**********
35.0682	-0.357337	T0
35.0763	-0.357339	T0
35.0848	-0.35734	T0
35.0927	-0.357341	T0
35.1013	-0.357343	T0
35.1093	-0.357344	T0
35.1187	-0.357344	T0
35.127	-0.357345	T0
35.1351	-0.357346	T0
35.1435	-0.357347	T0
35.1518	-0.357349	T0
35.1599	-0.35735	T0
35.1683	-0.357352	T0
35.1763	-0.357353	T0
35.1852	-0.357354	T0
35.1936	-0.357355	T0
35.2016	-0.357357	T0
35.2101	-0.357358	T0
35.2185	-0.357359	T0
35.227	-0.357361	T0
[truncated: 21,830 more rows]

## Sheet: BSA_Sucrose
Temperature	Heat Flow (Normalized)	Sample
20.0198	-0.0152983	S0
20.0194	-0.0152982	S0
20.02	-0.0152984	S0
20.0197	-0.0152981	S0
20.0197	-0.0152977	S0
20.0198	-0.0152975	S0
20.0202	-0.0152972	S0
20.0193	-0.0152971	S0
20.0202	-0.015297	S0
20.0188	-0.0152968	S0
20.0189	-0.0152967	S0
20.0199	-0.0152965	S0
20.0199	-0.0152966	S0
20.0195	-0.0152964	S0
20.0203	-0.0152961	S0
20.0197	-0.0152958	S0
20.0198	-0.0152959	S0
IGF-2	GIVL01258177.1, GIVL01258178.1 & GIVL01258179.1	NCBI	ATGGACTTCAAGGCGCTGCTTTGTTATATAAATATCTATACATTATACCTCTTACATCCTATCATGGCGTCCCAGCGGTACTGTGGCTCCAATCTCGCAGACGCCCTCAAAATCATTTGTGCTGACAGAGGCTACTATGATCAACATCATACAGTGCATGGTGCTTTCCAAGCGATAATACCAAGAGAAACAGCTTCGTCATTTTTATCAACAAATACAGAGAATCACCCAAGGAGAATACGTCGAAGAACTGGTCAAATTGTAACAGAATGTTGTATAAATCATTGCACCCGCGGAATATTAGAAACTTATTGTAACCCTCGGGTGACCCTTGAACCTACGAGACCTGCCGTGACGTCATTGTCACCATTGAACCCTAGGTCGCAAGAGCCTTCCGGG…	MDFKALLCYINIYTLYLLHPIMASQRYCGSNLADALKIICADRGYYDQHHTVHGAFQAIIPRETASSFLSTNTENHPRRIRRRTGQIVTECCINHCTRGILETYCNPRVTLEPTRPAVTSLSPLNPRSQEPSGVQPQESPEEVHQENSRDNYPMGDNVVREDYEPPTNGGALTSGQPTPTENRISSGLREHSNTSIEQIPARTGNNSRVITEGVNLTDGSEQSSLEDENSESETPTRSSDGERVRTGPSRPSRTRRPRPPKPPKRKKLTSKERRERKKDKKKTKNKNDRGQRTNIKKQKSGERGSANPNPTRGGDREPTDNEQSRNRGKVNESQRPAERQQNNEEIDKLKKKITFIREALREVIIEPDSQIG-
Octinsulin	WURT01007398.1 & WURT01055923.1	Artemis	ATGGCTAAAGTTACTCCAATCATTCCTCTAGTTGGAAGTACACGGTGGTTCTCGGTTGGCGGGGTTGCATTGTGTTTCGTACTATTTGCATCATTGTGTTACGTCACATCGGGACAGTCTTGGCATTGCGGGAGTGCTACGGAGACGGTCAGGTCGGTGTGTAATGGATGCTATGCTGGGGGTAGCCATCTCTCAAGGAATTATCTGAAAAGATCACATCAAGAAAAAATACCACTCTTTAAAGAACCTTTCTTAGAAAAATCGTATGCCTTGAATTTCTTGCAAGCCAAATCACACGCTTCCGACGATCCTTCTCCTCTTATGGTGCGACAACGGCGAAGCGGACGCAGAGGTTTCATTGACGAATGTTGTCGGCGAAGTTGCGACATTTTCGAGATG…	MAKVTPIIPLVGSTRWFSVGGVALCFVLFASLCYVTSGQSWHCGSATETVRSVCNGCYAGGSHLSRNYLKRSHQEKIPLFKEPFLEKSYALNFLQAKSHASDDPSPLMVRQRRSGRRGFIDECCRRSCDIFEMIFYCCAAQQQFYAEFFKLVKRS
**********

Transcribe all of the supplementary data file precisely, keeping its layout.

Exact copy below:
35.0682	-0.357337	T0
35.0763	-0.357339	T0
35.0848	-0.35734	T0
35.0927	-0.357341	T0
35.1013	-0.357343	T0
35.1093	-0.357344	T0
35.1187	-0.357344	T0
35.127	-0.357345	T0
35.1351	-0.357346	T0
35.1435	-0.357347	T0
35.1518	-0.357349	T0
35.1599	-0.35735	T0
35.1683	-0.357352	T0
35.1763	-0.357353	T0
35.1852	-0.357354	T0
35.1936	-0.357355	T0
35.2016	-0.357357	T0
35.2101	-0.357358	T0
35.2185	-0.357359	T0
35.227	-0.357361	T0
[truncated: 21,830 more rows]

## Sheet: BSA_Sucrose
Temperature	Heat Flow (Normalized)	Sample
20.0198	-0.0152983	S0
20.0194	-0.0152982	S0
20.02	-0.0152984	S0
20.0197	-0.0152981	S0
20.0197	-0.0152977	S0
20.0198	-0.0152975	S0
20.0202	-0.0152972	S0
20.0193	-0.0152971	S0
20.0202	-0.015297	S0
20.0188	-0.0152968	S0
20.0189	-0.0152967	S0
20.0199	-0.0152965	S0
20.0199	-0.0152966	S0
20.0195	-0.0152964	S0
20.0203	-0.0152961	S0
20.0197	-0.0152958	S0
20.0198	-0.0152959	S0
IGF-2	GIVL01258177.1, GIVL01258178.1 & GIVL01258179.1	NCBI	ATGGACTTCAAGGCGCTGCTTTGTTATATAAATATCTATACATTATACCTCTTACATCCTATCATGGCGTCCCAGCGGTACTGTGGCTCCAATCTCGCAGACGCCCTCAAAATCATTTGTGCTGACAGAGGCTACTATGATCAACATCATACAGTGCATGGTGCTTTCCAAGCGATAATACCAAGAGAAACAGCTTCGTCATTTTTATCAACAAATACAGAGAATCACCCAAGGAGAATACGTCGAAGAACTGGTCAAATTGTAACAGAATGTTGTATAAATCATTGCACCCGCGGAATATTAGAAACTTATTGTAACCCTCGGGTGACCCTTGAACCTACGAGACCTGCCGTGACGTCATTGTCACCATTGAACCCTAGGTCGCAAGAGCCTTCCGGG…	MDFKALLCYINIYTLYLLHPIMASQRYCGSNLADALKIICADRGYYDQHHTVHGAFQAIIPRETASSFLSTNTENHPRRIRRRTGQIVTECCINHCTRGILETYCNPRVTLEPTRPAVTSLSPLNPRSQEPSGVQPQESPEEVHQENSRDNYPMGDNVVREDYEPPTNGGALTSGQPTPTENRISSGLREHSNTSIEQIPARTGNNSRVITEGVNLTDGSEQSSLEDENSESETPTRSSDGERVRTGPSRPSRTRRPRPPKPPKRKKLTSKERRERKKDKKKTKNKNDRGQRTNIKKQKSGERGSANPNPTRGGDREPTDNEQSRNRGKVNESQRPAERQQNNEEIDKLKKKITFIREALREVIIEPDSQIG-
Octinsulin	WURT01007398.1 & WURT01055923.1	Artemis	ATGGCTAAAGTTACTCCAATCATTCCTCTAGTTGGAAGTACACGGTGGTTCTCGGTTGGCGGGGTTGCATTGTGTTTCGTACTATTTGCATCATTGTGTTACGTCACATCGGGACAGTCTTGGCATTGCGGGAGTGCTACGGAGACGGTCAGGTCGGTGTGTAATGGATGCTATGCTGGGGGTAGCCATCTCTCAAGGAATTATCTGAAAAGATCACATCAAGAAAAAATACCACTCTTTAAAGAACCTTTCTTAGAAAAATCGTATGCCTTGAATTTCTTGCAAGCCAAATCACACGCTTCCGACGATCCTTCTCCTCTTATGGTGCGACAACGGCGAAGCGGACGCAGAGGTTTCATTGACGAATGTTGTCGGCGAAGTTGCGACATTTTCGAGATG…	MAKVTPIIPLVGSTRWFSVGGVALCFVLFASLCYVTSGQSWHCGSATETVRSVCNGCYAGGSHLSRNYLKRSHQEKIPLFKEPFLEKSYALNFLQAKSHASDDPSPLMVRQRRSGRRGFIDECCRRSCDIFEMIFYCCAAQQQFYAEFFKLVKRS